GARCIA adolfo Martin
congresos y reuniones científicas
Functional and anatomical organization of translation routes in the bilingual brain
Nueva York
Conferencia; 40th LACUS Conference; 2013
Institución organizadora:
Lingiustic Association of Canda and the United States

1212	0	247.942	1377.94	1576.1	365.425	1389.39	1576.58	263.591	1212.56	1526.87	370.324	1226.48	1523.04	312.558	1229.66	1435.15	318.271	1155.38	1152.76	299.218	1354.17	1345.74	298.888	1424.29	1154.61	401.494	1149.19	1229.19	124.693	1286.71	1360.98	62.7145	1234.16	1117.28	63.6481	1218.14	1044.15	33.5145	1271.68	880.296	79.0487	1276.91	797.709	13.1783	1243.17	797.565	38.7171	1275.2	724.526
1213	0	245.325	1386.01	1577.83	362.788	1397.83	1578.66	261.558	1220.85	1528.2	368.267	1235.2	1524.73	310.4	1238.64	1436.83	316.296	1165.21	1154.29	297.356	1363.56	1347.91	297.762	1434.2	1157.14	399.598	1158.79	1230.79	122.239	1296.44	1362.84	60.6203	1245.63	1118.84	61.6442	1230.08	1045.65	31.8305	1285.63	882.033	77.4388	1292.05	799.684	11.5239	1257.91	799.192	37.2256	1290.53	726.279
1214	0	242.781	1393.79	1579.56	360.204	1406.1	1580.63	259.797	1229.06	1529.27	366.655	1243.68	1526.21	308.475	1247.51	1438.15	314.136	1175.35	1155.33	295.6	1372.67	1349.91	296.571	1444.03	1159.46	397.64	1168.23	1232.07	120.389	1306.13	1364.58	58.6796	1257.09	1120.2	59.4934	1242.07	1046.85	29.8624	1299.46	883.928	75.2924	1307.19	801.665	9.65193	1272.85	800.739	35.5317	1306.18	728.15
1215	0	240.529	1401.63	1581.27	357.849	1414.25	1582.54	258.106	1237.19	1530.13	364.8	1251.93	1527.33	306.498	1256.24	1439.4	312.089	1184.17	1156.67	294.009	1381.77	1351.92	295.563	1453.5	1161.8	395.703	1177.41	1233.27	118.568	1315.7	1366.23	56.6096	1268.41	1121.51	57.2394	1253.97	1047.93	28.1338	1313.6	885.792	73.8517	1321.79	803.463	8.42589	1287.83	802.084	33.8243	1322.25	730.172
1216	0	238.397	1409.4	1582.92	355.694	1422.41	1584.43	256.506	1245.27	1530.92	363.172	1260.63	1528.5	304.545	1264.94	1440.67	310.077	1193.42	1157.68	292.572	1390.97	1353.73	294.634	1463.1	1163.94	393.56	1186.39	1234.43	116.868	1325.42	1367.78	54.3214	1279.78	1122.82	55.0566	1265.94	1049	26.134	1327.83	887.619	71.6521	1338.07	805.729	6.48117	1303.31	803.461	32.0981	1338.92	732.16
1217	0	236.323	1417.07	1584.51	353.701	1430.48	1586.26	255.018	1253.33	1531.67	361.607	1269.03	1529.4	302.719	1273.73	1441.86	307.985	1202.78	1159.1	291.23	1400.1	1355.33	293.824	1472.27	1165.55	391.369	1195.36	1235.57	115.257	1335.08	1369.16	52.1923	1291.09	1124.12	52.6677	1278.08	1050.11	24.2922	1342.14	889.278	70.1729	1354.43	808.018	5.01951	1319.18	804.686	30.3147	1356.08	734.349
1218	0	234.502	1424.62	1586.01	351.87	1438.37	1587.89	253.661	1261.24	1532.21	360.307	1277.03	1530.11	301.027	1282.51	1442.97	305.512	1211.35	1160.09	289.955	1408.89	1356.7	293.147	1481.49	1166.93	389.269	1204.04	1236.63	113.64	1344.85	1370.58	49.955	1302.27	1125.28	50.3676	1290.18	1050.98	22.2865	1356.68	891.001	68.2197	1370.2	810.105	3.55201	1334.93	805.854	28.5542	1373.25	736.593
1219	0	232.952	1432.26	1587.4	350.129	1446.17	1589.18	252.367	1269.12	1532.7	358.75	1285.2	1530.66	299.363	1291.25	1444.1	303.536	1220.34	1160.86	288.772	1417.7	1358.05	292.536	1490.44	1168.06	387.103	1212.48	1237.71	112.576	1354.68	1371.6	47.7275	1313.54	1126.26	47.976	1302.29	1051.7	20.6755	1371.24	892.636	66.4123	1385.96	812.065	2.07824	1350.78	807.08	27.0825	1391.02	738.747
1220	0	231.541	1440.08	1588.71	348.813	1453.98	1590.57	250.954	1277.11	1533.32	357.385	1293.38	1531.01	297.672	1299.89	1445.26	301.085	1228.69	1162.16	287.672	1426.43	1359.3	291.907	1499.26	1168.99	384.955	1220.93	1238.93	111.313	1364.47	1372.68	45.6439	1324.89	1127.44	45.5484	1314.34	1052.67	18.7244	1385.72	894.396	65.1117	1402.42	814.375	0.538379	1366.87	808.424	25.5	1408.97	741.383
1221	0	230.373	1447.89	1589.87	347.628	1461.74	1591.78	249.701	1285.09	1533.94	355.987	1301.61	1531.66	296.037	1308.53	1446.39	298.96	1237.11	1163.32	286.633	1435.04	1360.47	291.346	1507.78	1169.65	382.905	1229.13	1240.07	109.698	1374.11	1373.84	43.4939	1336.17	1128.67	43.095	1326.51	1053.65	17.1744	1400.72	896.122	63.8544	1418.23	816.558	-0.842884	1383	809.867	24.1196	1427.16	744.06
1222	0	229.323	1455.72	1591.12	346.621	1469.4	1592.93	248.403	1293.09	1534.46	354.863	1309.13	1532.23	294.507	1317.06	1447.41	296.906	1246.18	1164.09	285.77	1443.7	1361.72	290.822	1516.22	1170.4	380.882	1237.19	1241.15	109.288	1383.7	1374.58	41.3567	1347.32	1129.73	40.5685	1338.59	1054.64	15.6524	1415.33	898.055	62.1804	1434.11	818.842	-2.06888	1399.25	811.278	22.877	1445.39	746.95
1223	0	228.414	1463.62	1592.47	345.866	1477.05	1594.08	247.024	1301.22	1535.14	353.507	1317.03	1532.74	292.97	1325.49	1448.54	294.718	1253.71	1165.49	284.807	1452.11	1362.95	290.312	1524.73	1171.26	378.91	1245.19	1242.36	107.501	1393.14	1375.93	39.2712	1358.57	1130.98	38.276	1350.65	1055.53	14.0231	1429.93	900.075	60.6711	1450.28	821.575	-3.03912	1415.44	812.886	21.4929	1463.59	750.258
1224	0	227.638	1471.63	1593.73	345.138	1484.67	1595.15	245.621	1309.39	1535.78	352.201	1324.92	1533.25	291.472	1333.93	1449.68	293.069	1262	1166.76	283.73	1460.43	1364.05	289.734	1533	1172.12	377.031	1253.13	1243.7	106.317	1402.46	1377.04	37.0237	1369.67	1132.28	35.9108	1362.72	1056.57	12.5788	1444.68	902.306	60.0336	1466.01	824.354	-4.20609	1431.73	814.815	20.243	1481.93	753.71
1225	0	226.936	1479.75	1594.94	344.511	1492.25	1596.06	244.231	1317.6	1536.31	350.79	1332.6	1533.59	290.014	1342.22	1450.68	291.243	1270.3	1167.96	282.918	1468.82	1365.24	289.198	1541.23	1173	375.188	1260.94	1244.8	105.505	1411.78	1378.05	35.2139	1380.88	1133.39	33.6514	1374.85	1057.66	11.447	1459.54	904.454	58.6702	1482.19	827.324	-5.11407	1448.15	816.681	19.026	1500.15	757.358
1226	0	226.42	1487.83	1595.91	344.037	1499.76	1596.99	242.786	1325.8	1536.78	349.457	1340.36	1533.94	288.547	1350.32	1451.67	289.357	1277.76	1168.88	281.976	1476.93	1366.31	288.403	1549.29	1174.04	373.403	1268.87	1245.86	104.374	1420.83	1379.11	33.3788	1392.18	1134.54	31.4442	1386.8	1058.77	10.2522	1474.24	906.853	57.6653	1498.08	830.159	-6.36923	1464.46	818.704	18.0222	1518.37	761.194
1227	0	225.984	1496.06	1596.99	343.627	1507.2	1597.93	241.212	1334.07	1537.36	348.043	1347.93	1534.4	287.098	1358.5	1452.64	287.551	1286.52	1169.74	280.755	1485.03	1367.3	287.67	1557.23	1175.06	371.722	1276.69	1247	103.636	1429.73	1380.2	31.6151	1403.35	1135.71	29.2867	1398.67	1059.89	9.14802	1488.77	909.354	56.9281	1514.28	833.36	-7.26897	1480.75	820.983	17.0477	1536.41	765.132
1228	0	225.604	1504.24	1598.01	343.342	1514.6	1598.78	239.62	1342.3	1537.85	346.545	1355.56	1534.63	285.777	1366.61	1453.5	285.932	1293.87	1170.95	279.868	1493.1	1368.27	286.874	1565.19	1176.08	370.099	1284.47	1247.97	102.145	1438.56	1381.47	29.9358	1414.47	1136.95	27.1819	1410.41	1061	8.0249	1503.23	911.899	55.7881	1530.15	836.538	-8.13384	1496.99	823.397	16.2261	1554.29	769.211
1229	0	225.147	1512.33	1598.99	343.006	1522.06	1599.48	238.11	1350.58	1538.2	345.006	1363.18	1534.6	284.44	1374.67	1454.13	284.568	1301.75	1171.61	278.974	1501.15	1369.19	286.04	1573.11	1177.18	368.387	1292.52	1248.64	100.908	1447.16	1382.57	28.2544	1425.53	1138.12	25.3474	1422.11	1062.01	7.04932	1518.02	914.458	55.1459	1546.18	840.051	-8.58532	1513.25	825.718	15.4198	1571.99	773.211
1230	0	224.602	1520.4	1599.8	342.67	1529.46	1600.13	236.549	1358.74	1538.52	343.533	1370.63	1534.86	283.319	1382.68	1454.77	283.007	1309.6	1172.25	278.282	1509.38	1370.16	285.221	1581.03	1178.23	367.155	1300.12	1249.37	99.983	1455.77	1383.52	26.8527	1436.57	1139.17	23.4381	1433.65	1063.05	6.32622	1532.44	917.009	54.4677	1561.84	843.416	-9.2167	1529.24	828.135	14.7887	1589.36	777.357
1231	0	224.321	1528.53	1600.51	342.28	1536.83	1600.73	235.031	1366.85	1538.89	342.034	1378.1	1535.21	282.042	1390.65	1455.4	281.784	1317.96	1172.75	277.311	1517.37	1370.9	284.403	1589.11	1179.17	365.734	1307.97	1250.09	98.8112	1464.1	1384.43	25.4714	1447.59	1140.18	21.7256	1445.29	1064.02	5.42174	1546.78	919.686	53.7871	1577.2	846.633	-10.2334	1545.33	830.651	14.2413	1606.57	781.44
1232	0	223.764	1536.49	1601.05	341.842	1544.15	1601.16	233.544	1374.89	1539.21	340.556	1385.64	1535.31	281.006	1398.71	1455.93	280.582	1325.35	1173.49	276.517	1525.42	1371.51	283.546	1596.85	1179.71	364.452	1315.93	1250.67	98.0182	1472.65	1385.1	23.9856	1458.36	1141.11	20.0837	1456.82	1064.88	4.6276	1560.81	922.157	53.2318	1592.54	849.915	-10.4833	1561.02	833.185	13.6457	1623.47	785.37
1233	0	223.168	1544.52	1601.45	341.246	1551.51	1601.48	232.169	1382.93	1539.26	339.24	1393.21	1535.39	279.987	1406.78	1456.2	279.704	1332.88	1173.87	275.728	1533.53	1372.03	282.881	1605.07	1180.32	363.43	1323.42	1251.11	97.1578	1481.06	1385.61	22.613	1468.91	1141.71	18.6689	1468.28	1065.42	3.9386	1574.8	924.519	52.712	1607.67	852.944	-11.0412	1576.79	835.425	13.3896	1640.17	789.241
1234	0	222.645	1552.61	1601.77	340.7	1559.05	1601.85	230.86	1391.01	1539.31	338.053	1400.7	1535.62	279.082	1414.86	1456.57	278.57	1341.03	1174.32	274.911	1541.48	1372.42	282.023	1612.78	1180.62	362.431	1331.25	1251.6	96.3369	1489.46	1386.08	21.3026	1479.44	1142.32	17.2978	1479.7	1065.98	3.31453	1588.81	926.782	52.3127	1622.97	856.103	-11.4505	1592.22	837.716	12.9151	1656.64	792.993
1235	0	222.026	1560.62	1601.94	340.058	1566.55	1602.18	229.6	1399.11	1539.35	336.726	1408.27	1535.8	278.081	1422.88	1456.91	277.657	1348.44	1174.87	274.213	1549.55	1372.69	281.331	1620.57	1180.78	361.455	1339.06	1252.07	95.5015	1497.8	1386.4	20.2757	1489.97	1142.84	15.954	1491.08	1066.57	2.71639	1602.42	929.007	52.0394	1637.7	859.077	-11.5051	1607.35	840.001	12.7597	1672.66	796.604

The ability to translate between languages is one of the distinguishing traits of bilingualism. This complex skill has been studied from several perspectives, such as linguistics, psycholinguistics, and cognitive psychology (Hurtado Albir 2001; Pöchhacker 2004). However, the study of the neural basis of translation has received comparatively little attention, and remains as ?one of the chief known unknowns in translation studies? (Tymozcko 2012, 83). Neuroimaging studies on translation proper (as opposed to translation priming or bilingual lexical or semantic decision) conducted so far seem not to reach the dozen. Moreover, evidence on translation phenomena subsequent to brain damage has been produced only sparsely. While the available neuroimaging evidence in translation routes has been critically reviewed recently (García in press), no comprehensive, hypothesis-driven review of the relevant clinical evidence is available in the literature. Previous studies have offered a few anecdotal illustrations of, and brief comments on, different translation neuropathologies (Fabbro 1999, 2001; Ijalba et al. 2004). However, they have overlooked available (though scant) quantitative data and failed to provide integrative neurofunctional or neuroanatomical interpretations of the evidence. In an attempt to cover such a gap, this paper offers a theoretical interpretation of the dissociations observed in twenty-one cases of brain-lesioned bilinguals exhibiting translation disorders. Specifically, three neurofunctional and three neuroanatomical hypotheses are derived from the Revised Hierarchical Model (Kroll & Stewart 1994, Kroll et al., 2010) and the Declarative/Procedural Model (Paradis 2009; Ullman 2001), respectively. Consistent with relevant predictions, the evidence suggests that there are neurofunctionally independent routes for translation, as opposed to monolingual speech production; backward, as opposed to forward, translation; and form-based, as opposed to conceptually mediated, translation. Available data further indicates that word and sentence translation are critically subserved by posterior brain areas implicated in declarative memory, and by frontobasal areas implicated in procedural memory, respectively. In addition, translation routes appear to be entirely left-lateralized. Fabbro, Franco. 1999. The Neurolinguistics of Bilingualism: An Introduction. Hove, Sussex: Psychology Press. Fabbro, Franco. 2001. The bilingual brain: Cerebral representation of languages. Brain and Language 79: 211-222. García, Adolfo M. in press. Brain activity during translation: A review of the neuroimaging evidence as testing ground for clinically-based hypotheses. Journal of Neurolinguistics. Hurtado Albir, Amparo. 2001. Traducción y Traductología: Introducción a la Traductología. Madrid: Cátedra. Ijalba, Elizabeth, Obler, Loraine K. and Chengappa, Shyamala. 2004. Bilingual aphasia, in The Handbook of Bilingualism, eds. Tej K. Bathia and William C. Ritchie. Malden: Blackwell: 71-89. Kroll, Judith F. and Stewart, Erika. 1994. Category interference in translation and picture naming: Evidence for asymmetric connections between bilingual memory representations. Journal of Memory and Language 33: 149-174. Paradis, Michel. 2009. Declarative and Procedural Determinants of Second Languages. Amsterdam: John Benjamins. Pöchhacker, Franz. 2004. Introducing Interpreting Studies. New York: Routledge. Tymoczko, Maria. 2012. The neuroscience of translation. Target 24(1): 83-102. Ullman, Michael T. 2001. The neural basis of lexicon and grammar in first and second language: The declarative/procedural model. Bilingualism: Language and Cognition 4(1): 105-122.